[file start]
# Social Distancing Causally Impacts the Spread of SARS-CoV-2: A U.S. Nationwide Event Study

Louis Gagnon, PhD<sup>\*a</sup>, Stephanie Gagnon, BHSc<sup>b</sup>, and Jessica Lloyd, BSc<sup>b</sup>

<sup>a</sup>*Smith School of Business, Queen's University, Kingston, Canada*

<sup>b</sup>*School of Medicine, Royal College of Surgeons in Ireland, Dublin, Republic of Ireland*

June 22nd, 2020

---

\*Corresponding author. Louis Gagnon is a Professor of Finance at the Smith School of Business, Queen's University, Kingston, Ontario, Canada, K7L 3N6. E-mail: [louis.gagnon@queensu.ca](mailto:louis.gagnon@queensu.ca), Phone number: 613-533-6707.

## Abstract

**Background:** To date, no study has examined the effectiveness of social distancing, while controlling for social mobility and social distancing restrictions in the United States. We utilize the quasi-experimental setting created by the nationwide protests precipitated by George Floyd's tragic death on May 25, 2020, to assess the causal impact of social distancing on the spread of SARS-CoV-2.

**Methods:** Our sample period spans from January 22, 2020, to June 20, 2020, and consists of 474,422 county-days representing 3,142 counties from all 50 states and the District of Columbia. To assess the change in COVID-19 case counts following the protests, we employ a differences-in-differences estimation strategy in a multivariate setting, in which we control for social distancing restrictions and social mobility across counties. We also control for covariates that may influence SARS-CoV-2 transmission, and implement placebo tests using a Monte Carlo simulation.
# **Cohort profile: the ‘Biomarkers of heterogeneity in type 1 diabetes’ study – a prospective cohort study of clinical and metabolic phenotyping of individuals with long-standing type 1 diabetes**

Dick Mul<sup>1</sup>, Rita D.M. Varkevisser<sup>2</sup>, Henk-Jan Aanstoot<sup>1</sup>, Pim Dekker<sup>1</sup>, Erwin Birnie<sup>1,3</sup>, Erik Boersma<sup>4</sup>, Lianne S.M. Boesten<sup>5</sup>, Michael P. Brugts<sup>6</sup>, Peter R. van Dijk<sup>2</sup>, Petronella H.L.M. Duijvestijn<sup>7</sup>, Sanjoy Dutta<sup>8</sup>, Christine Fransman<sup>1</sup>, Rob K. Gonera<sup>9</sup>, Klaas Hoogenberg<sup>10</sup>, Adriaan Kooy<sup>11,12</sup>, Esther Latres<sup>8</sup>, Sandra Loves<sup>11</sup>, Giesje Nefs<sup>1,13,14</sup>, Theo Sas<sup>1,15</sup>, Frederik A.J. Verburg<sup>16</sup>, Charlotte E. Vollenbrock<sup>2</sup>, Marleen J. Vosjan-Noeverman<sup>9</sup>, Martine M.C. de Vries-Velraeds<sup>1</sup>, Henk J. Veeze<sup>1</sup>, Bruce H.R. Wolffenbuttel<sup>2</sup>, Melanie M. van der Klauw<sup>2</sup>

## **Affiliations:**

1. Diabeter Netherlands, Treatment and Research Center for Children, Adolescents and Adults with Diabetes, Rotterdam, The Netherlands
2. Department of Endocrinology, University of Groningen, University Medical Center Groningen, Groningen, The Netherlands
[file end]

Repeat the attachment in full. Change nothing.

# Social Distancing Causally Impacts the Spread of SARS-CoV-2: A U.S. Nationwide Event Study

Louis Gagnon, PhD<sup>\*a</sup>, Stephanie Gagnon, BHSc<sup>b</sup>, and Jessica Lloyd, BSc<sup>b</sup>

<sup>a</sup>*Smith School of Business, Queen's University, Kingston, Canada*

<sup>b</sup>*School of Medicine, Royal College of Surgeons in Ireland, Dublin, Republic of Ireland*

June 22nd, 2020

---

\*Corresponding author. Louis Gagnon is a Professor of Finance at the Smith School of Business, Queen's University, Kingston, Ontario, Canada, K7L 3N6. E-mail: [louis.gagnon@queensu.ca](mailto:louis.gagnon@queensu.ca), Phone number: 613-533-6707.

## Abstract

**Background:** To date, no study has examined the effectiveness of social distancing, while controlling for social mobility and social distancing restrictions in the United States. We utilize the quasi-experimental setting created by the nationwide protests precipitated by George Floyd's tragic death on May 25, 2020, to assess the causal impact of social distancing on the spread of SARS-CoV-2.

**Methods:** Our sample period spans from January 22, 2020, to June 20, 2020, and consists of 474,422 county-days representing 3,142 counties from all 50 states and the District of Columbia. To assess the change in COVID-19 case counts following the protests, we employ a differences-in-differences estimation strategy in a multivariate setting, in which we control for social distancing restrictions and social mobility across counties. We also control for covariates that may influence SARS-CoV-2 transmission, and implement placebo tests using a Monte Carlo simulation.
# **Cohort profile: the ‘Biomarkers of heterogeneity in type 1 diabetes’ study – a prospective cohort study of clinical and metabolic phenotyping of individuals with long-standing type 1 diabetes**

Dick Mul<sup>1</sup>, Rita D.M. Varkevisser<sup>2</sup>, Henk-Jan Aanstoot<sup>1</sup>, Pim Dekker<sup>1</sup>, Erwin Birnie<sup>1,3</sup>, Erik Boersma<sup>4</sup>, Lianne S.M. Boesten<sup>5</sup>, Michael P. Brugts<sup>6</sup>, Peter R. van Dijk<sup>2</sup>, Petronella H.L.M. Duijvestijn<sup>7</sup>, Sanjoy Dutta<sup>8</sup>, Christine Fransman<sup>1</sup>, Rob K. Gonera<sup>9</sup>, Klaas Hoogenberg<sup>10</sup>, Adriaan Kooy<sup>11,12</sup>, Esther Latres<sup>8</sup>, Sandra Loves<sup>11</sup>, Giesje Nefs<sup>1,13,14</sup>, Theo Sas<sup>1,15</sup>, Frederik A.J. Verburg<sup>16</sup>, Charlotte E. Vollenbrock<sup>2</sup>, Marleen J. Vosjan-Noeverman<sup>9</sup>, Martine M.C. de Vries-Velraeds<sup>1</sup>, Henk J. Veeze<sup>1</sup>, Bruce H.R. Wolffenbuttel<sup>2</sup>, Melanie M. van der Klauw<sup>2</sup>

## **Affiliations:**

1. Diabeter Netherlands, Treatment and Research Center for Children, Adolescents and Adults with Diabetes, Rotterdam, The Netherlands
2. Department of Endocrinology, University of Groningen, University Medical Center Groningen, Groningen, The Netherlands